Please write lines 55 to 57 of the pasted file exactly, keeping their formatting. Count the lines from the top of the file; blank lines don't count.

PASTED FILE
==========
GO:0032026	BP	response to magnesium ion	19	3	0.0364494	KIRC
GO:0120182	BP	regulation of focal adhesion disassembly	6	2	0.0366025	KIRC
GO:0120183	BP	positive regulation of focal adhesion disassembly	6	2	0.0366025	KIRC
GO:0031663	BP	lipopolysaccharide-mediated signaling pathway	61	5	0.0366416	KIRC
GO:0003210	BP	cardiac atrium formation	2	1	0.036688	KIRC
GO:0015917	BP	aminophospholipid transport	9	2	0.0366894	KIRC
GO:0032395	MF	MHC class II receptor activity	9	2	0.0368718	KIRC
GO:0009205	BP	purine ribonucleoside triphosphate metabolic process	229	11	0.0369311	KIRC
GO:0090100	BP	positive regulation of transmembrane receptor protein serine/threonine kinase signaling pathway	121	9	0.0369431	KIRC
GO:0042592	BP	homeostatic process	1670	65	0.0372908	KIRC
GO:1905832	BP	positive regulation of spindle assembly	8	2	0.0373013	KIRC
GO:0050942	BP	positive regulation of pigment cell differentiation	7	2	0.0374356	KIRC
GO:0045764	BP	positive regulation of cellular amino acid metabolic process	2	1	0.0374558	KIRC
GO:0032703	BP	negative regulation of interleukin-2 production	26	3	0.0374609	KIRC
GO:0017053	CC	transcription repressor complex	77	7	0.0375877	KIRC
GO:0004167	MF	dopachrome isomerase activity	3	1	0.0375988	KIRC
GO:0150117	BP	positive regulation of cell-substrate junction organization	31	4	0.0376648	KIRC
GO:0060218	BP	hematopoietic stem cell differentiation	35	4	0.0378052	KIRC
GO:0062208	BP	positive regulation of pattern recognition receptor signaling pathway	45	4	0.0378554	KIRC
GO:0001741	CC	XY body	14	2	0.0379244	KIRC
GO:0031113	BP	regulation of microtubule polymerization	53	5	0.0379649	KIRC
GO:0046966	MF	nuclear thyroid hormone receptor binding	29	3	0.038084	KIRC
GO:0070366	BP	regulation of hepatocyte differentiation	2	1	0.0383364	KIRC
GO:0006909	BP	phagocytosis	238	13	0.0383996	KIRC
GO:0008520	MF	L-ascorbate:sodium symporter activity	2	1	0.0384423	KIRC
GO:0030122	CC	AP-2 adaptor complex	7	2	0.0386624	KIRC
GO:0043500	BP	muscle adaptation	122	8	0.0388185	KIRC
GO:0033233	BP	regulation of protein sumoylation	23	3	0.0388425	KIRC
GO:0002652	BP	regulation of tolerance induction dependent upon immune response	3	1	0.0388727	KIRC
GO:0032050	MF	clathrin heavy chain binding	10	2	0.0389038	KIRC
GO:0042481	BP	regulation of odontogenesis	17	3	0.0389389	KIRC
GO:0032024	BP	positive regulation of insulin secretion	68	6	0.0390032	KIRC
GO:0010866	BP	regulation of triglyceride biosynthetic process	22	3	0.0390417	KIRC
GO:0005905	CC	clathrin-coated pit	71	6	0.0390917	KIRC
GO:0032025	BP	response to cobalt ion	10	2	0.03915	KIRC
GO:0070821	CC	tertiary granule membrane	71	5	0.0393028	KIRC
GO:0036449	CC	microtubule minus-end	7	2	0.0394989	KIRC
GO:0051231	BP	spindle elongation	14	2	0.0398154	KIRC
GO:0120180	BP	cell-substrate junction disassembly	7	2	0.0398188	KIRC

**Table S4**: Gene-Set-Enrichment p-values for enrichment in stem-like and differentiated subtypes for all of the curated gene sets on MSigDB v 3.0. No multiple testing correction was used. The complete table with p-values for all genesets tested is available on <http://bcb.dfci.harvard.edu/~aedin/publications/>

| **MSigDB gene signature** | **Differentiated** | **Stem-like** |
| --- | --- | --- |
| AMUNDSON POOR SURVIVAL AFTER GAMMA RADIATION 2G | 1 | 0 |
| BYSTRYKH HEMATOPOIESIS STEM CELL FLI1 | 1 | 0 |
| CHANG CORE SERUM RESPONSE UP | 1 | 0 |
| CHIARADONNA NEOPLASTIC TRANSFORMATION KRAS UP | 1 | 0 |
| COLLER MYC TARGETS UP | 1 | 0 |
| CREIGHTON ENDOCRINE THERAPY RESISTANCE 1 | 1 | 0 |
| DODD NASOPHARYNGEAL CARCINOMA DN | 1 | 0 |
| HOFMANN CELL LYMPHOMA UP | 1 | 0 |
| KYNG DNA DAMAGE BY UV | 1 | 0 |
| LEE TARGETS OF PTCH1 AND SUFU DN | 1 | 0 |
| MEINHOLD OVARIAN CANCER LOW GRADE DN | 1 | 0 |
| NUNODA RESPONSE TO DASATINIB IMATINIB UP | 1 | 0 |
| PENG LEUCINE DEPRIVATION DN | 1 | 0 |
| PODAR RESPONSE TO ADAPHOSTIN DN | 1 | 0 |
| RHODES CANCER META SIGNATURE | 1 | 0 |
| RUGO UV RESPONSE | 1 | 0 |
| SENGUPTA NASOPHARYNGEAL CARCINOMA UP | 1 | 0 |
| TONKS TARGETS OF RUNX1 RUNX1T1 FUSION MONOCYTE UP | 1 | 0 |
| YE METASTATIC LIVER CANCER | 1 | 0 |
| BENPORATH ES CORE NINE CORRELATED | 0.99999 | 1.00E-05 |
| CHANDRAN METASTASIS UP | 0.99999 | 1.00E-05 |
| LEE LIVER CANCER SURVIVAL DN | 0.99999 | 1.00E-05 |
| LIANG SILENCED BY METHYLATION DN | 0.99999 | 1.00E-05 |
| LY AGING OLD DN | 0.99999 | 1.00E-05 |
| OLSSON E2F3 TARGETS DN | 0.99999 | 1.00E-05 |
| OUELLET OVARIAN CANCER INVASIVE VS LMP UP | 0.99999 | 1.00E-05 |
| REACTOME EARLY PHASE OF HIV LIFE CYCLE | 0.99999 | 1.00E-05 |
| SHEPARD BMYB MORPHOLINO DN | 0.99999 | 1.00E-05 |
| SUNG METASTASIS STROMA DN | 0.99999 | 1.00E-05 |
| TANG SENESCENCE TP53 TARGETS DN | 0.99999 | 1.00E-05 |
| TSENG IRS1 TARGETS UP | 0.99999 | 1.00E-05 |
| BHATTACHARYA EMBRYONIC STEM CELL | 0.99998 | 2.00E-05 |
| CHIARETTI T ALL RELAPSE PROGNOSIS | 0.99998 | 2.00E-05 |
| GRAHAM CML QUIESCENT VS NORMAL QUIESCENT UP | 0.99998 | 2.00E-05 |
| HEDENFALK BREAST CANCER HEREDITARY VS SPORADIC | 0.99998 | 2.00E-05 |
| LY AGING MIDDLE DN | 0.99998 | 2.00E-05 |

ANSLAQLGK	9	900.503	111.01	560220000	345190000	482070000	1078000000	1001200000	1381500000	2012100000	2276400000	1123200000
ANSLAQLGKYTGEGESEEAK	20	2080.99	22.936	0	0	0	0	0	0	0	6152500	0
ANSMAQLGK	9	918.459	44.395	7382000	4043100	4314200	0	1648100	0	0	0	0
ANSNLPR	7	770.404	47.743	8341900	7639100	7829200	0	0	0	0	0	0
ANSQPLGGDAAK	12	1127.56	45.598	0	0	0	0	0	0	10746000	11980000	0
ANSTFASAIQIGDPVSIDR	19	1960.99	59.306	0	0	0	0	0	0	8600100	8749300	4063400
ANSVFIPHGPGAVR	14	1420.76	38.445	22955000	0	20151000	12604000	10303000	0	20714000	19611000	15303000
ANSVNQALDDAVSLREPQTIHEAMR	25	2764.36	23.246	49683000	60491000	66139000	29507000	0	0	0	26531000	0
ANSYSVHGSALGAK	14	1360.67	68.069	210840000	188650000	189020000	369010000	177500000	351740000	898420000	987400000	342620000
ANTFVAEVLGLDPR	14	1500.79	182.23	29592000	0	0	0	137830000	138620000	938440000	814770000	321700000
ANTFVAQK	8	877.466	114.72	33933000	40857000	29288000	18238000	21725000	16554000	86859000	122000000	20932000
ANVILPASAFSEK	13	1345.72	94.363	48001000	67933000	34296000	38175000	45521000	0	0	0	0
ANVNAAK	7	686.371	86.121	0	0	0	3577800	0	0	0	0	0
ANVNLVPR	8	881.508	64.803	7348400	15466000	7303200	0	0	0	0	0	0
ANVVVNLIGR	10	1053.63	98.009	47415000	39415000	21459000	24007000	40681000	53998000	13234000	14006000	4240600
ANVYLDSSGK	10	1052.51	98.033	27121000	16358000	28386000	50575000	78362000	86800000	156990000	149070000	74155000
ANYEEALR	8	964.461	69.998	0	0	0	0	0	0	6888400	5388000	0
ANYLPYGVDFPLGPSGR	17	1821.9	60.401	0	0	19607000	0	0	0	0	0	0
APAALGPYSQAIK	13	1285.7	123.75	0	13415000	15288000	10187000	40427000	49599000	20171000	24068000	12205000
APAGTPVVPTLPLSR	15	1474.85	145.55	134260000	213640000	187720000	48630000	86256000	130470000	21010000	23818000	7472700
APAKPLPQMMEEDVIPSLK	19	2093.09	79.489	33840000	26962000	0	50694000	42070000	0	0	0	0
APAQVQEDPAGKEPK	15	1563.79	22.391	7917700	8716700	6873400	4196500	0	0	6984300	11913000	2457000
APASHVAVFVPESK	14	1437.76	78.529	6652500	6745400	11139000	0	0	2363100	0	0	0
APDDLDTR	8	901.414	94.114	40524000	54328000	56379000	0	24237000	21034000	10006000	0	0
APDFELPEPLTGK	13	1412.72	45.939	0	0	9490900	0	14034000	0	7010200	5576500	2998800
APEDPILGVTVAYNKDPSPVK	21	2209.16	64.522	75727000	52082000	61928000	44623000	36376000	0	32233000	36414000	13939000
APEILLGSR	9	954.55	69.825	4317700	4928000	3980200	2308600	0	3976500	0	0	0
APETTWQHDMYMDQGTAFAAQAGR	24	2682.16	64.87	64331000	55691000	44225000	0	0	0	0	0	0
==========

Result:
| PENG LEUCINE DEPRIVATION DN | 1 | 0 |
| PODAR RESPONSE TO ADAPHOSTIN DN | 1 | 0 |
| RHODES CANCER META SIGNATURE | 1 | 0 |